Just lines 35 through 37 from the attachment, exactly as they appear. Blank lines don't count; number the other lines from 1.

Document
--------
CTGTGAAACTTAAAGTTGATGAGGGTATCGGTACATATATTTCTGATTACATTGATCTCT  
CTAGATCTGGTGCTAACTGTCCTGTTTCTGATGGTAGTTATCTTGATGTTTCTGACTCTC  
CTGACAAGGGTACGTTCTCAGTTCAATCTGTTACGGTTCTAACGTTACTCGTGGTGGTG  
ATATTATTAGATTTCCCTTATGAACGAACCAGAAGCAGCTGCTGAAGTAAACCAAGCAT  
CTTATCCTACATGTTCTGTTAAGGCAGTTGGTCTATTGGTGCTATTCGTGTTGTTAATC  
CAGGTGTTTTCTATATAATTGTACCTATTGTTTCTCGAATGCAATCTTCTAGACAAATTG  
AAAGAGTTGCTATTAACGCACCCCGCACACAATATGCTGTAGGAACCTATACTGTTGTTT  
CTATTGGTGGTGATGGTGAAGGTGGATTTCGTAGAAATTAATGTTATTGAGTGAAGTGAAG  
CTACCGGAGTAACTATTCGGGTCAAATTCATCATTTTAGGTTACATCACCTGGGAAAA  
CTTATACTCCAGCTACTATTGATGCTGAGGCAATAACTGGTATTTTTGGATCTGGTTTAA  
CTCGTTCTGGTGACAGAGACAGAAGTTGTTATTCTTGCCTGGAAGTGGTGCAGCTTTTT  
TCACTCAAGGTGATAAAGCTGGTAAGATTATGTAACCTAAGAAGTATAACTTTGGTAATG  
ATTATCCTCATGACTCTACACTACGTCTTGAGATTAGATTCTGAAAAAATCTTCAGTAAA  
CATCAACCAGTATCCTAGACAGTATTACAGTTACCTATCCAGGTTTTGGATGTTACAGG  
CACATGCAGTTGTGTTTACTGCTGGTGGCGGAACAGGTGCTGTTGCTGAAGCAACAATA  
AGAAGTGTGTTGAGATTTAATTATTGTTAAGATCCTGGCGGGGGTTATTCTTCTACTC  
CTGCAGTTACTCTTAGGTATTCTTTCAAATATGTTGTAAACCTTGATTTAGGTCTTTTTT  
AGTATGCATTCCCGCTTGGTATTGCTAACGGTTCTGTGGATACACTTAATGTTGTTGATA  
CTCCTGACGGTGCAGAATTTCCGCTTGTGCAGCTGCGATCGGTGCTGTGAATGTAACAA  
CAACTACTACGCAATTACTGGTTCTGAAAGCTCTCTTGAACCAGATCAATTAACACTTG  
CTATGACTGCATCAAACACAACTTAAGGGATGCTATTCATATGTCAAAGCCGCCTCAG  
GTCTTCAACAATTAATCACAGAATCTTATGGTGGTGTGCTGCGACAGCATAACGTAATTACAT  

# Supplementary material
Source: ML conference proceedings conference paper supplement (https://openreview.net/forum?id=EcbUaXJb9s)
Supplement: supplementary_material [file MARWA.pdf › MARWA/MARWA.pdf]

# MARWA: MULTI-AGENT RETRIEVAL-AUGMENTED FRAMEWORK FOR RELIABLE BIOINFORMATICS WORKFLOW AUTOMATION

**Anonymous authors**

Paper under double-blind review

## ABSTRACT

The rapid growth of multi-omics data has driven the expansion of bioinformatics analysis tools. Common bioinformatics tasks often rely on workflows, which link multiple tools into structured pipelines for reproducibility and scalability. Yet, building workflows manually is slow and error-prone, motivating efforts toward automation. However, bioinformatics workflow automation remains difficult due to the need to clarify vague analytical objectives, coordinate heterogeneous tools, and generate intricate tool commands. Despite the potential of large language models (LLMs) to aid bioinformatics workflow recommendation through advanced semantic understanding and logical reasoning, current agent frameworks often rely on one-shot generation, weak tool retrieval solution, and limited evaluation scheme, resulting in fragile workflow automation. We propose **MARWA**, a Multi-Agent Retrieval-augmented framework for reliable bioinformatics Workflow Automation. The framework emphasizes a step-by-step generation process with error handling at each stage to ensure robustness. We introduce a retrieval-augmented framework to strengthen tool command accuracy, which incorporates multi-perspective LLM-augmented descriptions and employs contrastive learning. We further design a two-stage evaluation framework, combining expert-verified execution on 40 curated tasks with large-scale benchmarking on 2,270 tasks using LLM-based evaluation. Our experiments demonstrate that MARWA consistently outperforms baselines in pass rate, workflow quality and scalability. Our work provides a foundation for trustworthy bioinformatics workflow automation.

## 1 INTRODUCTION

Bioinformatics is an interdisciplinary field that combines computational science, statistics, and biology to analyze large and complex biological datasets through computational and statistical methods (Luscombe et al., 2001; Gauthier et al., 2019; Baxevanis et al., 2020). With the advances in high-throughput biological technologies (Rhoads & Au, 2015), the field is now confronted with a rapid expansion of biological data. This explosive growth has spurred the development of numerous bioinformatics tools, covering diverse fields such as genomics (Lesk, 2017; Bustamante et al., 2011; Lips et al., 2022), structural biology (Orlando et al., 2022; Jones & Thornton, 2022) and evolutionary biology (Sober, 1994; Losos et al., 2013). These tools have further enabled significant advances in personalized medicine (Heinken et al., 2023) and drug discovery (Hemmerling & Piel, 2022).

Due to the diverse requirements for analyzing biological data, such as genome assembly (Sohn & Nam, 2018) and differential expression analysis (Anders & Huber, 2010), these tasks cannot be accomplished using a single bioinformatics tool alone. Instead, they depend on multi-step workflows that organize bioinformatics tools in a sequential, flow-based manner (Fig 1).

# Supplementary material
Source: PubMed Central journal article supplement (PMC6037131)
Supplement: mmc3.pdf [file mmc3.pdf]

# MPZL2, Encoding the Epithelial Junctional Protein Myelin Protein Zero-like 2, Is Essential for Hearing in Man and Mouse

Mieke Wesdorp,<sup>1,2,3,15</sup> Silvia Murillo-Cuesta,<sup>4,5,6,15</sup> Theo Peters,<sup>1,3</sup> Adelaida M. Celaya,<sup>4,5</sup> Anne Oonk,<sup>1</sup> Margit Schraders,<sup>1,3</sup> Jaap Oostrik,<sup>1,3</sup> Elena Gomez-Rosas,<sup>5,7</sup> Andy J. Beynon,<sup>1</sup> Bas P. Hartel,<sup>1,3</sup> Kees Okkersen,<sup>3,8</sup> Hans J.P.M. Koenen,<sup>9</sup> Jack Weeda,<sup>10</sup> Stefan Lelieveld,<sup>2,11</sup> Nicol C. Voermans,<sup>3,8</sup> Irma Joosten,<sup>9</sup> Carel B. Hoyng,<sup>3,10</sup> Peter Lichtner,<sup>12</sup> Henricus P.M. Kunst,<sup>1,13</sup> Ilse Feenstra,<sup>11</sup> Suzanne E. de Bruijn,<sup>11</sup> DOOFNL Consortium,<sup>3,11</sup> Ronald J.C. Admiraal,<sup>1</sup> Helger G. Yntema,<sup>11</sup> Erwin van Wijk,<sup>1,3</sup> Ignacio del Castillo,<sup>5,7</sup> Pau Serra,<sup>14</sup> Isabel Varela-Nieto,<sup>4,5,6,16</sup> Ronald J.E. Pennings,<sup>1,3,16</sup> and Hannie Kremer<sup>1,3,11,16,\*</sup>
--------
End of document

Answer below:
Source: PubMed Central journal article supplement (PMC6037131)
Supplement: mmc3.pdf [file mmc3.pdf]

# MPZL2, Encoding the Epithelial Junctional Protein Myelin Protein Zero-like 2, Is Essential for Hearing in Man and Mouse